Shunpei Yamazaki (2), says Wikipedia, is ‘a Japanese inventor in the field of computer science and solid-state physics’.  He is the founder, president and majority shareholder of research company Semiconductor Energy Laboratory (SEL) in Tokyo.  While Yamazaki is second on the list of US patent recipients over the past 25 years, he was recently confirmed as the holder of the Guinness Word Record for the most patents credited as an inventor worldwide (11,353).  His patents mostly relate to semiconductor devices and thin-film transistors.  Jun Koyama (4) is a long-time collaborator of Yamazaki, who has worked at SEL since 1992.  Koyama is a co-inventor with Yamazaki on 782 patents filed and granted in the past 25 years.

Roderick Hyde (3) and Lowell Wood (6) are both senior inventors at IP development and licensing company Intellectual Ventures.  However, their collaborations extend back to the 1970s, when they worked on space technology (and, quite probably, weapons) at Lawrence Livermore National Laboratory.  They were also involved in work on the Strategic Defence Initiative, a.k.a. Ronald Reagan’s ‘Star Wars’ missile defence shield.  They also thought about how to propel a starship using small nuclear fusion explosions, and how to build a ‘space fountain’ capable of lifting objects into Earth orbit.  These days they are reportedly interested in CRISPR gene editing technology.  Hyde and Wood are co-inventors on 932 patents filed and granted in the past 25 years.

Since 1977, Donald Weder (9) has been President of Highland Supply Corporation (‘HSC’), which was founded in 1937 by his father Erwin.  HSC’s rather basic website describes the company as ‘The Premier Manufacturer of Quality Floral, Gift Basket and Decorative Packaging’.  Like the other inventors on the list, Weder has benefited from some long-term collaborations.  For example, Joseph Straeter is a co-inventor on around 390 of Weder’s patents, while William Straeter is a co-inventor on around 150 patents.

Paul Lapstun (5) is currently Chief Technology Officer at nearmap, which focusses on the provision of high-quality geospatial map technology for business, enterprises and government customers.  Lapstun was previously CTO of Netpage at Silverbrook Research, where he co-invented and led the research and development of digital pen and paper technologies.  Lapstun is a co-inventor with Silverbrook on 1137 patents filed and granted in the past 25 years.

Bartley Andre (7) is a member of Jony Ive’s (10) design team at Apple.  Ive is the design genius behind the build and finish of such iconic products as the iMac, the MacBook, the iPod, the iPhone, and the iPad.  A New Yorker profile described him as the ‘industrial designer who became Apple’s greatest product’.  Andre and Ive are co-inventors (or co-designers) on 794 patents filed and granted in the past 25 years.

Last, but not least, Kangguo Cheng (8) is an engineer at IBM Research who has worked in the field of semiconductor devices.  He has been awarded the honorific of IBM ‘Master Inventor’.  What is perhaps most remarkable about Cheng’s achievement is that, while many of the other members of the top 10 were well underway in their careers at the start of my 25 year window, Cheng joined IBM right after finishing his PhD in 2001, and did not file his first patent application (which was to become US patent no. 6,969,648) until 25 June 2003.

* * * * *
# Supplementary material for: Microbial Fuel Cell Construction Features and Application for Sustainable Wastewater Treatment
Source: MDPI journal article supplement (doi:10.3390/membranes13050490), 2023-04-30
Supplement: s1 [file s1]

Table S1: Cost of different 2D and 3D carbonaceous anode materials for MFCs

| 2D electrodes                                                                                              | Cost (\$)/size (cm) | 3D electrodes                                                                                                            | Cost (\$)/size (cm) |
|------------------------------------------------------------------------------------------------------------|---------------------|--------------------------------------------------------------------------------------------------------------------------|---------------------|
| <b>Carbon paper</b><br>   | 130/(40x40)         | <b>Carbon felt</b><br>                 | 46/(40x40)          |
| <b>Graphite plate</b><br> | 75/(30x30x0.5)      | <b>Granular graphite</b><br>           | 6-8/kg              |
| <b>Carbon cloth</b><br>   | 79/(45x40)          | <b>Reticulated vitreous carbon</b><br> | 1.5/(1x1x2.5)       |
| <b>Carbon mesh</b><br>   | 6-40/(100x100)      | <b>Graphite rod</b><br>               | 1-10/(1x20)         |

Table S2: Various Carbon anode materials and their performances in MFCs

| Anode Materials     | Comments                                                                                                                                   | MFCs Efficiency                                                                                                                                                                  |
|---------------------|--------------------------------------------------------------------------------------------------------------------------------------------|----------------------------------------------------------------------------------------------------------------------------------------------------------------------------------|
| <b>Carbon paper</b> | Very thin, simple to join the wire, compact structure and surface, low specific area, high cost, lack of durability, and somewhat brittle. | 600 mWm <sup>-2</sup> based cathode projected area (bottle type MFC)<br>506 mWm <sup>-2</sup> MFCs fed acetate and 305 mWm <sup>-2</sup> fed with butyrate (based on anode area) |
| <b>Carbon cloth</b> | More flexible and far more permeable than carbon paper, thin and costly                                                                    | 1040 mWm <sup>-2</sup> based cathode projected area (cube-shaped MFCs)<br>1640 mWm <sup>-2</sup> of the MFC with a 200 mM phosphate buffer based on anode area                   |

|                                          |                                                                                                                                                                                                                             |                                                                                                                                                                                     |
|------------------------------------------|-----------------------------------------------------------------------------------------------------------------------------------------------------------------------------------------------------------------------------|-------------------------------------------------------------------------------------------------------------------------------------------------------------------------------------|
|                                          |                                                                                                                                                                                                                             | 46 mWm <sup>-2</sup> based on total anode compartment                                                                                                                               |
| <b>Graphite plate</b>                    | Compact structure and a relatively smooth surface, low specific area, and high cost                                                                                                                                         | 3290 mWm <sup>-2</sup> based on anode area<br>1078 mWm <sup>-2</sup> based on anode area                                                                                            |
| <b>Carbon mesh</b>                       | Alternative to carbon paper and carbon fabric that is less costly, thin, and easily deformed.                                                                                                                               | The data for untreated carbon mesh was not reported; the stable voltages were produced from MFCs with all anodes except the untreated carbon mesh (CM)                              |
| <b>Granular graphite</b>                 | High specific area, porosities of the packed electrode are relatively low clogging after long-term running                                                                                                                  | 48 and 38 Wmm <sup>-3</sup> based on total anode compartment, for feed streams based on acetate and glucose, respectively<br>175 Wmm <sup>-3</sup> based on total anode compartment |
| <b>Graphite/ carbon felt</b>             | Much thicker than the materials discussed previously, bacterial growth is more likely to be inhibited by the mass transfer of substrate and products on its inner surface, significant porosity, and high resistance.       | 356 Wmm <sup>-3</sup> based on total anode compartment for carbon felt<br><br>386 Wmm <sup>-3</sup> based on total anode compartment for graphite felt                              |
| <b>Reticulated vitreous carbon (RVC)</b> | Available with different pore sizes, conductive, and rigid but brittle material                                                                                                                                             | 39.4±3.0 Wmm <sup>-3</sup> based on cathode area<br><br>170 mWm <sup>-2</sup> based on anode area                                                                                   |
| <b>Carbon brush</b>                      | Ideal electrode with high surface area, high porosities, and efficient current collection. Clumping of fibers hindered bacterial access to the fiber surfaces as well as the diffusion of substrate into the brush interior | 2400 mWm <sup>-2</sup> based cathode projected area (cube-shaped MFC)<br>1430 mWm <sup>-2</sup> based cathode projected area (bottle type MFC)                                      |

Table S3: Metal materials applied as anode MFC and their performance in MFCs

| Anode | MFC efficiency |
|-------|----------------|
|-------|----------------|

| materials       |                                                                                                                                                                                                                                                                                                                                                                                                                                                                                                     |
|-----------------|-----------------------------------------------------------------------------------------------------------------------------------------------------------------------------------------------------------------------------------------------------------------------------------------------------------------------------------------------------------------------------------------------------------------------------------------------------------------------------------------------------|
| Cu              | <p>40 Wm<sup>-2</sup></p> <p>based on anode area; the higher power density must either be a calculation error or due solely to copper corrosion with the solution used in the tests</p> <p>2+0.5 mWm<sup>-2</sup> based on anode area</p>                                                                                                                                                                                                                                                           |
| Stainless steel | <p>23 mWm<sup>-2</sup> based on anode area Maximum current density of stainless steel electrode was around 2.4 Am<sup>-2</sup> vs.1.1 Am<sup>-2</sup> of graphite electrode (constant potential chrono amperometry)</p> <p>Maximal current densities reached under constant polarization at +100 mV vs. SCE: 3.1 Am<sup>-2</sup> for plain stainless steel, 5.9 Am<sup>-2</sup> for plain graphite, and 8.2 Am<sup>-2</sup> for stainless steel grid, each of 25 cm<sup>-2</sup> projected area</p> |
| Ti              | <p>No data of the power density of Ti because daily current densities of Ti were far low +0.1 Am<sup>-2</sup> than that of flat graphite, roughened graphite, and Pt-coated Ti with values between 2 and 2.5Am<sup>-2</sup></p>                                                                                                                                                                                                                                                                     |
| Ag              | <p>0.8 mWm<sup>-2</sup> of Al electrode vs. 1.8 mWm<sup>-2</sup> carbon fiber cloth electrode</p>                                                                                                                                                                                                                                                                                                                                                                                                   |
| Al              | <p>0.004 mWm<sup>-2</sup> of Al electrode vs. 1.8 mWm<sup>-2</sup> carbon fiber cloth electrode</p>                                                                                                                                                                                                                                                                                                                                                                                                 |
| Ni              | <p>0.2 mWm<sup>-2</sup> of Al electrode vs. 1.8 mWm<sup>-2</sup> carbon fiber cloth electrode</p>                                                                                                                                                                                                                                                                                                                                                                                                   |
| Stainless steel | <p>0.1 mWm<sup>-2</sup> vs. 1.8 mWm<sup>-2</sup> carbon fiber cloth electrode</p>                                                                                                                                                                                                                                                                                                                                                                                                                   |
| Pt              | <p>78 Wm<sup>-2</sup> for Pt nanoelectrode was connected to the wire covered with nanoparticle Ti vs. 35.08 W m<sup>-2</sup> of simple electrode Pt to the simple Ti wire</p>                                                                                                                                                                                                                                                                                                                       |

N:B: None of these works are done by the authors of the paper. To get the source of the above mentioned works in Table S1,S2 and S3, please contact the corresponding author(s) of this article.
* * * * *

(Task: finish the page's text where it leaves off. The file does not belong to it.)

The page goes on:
Where are the Women?

As will be apparent by now, there are no women in the top 10 inventor list.  The USPTO does not collect or record the gender of inventors, however from inspection of the longer list I believe that the highest-ranked woman is Jody Akana, who comes in at number 34 with 699 patents.  Akana is another member of Jony Ives’ design team at Apple, so hers are predominantly design patents.  Audrey Goddard, a genomics scientist who was recently appointed Vice President of Research and Development at uBiome, is probably the highest-ranked female based on utility patents, at number 50 with 580 patents to her name.

It is, unfortunately, unsurprising that women do not feature highly among the most prolific inventors.  If the best indicator of inventive capacity is the opportunity to work with other prolific inventors, women have been at a distinct disadvantage for too long.  The recent death of Vera Rubin – whose painstaking astronomical research provided the best evidence we have for the existence of ‘dark matter’ – highlights the problem.  Less famous than... well... pretty much any make astronomer you could name, in 1965 Rubin became the first woman to get viewing time at the Palomar Observatory, an opportunity previously denied to women, ostensibly on the basis that there were no female toilets.  She chose to study the density of stars in galaxies, despite having done important work on pulsars, because it was a less fashionable subject, and she would not have to spend so much effort vying for attention against male astronomers seeking to make names for themselves.

Unless women have full access to the same circles of intellectual and creative activity as men, we will not see equal representation of women among our top inventors.  And that is not because men are ‘better’, it is because they are not!  The data clearly shows that prolific invention is a group, not individual, activity.  I am far from the first to make this observation.  In his paper The Myth of the Sole Inventor, Stanford Law Professor Mark Lemley specifically debunks the ‘lone inventor’ stories of Thomas Edison, Alexander Graham Bell, Samuel Morse, and Eli Whitney.  And Professor of Management, David Burkus, takes up a similar point in his book The Myths of Creativity: The Truth About How Innovative Companies and People Generate Great Ideas.

Conclusion – Collaborate to Innovate

The numbers do not lie.  Nobody managed to become a leading inventor by working in isolation.  Or, to put it another way, all of the leading inventors identified in my analysis acquired their patents as a result of long-term collaborations and interactions with other innovative and creative people.  There are lessons here for businesses, research institutes, and policy-makers.

Silicon valley is a fine example of the benefits of an environment in which like-minded people come together and collaborate in creative and unpredictable ways.  Efforts elsewhere in the world, including Australia, to artificially create such environments, e.g. by designating ‘technology precincts’ and providing incentives for companies to take up residence, have generally been unsuccessful.  Leading the horse to water is no guarantee it will drink!

The bottom line is that the best indication of who will be a prolific inventor is whether or not they work with other prolific inventors.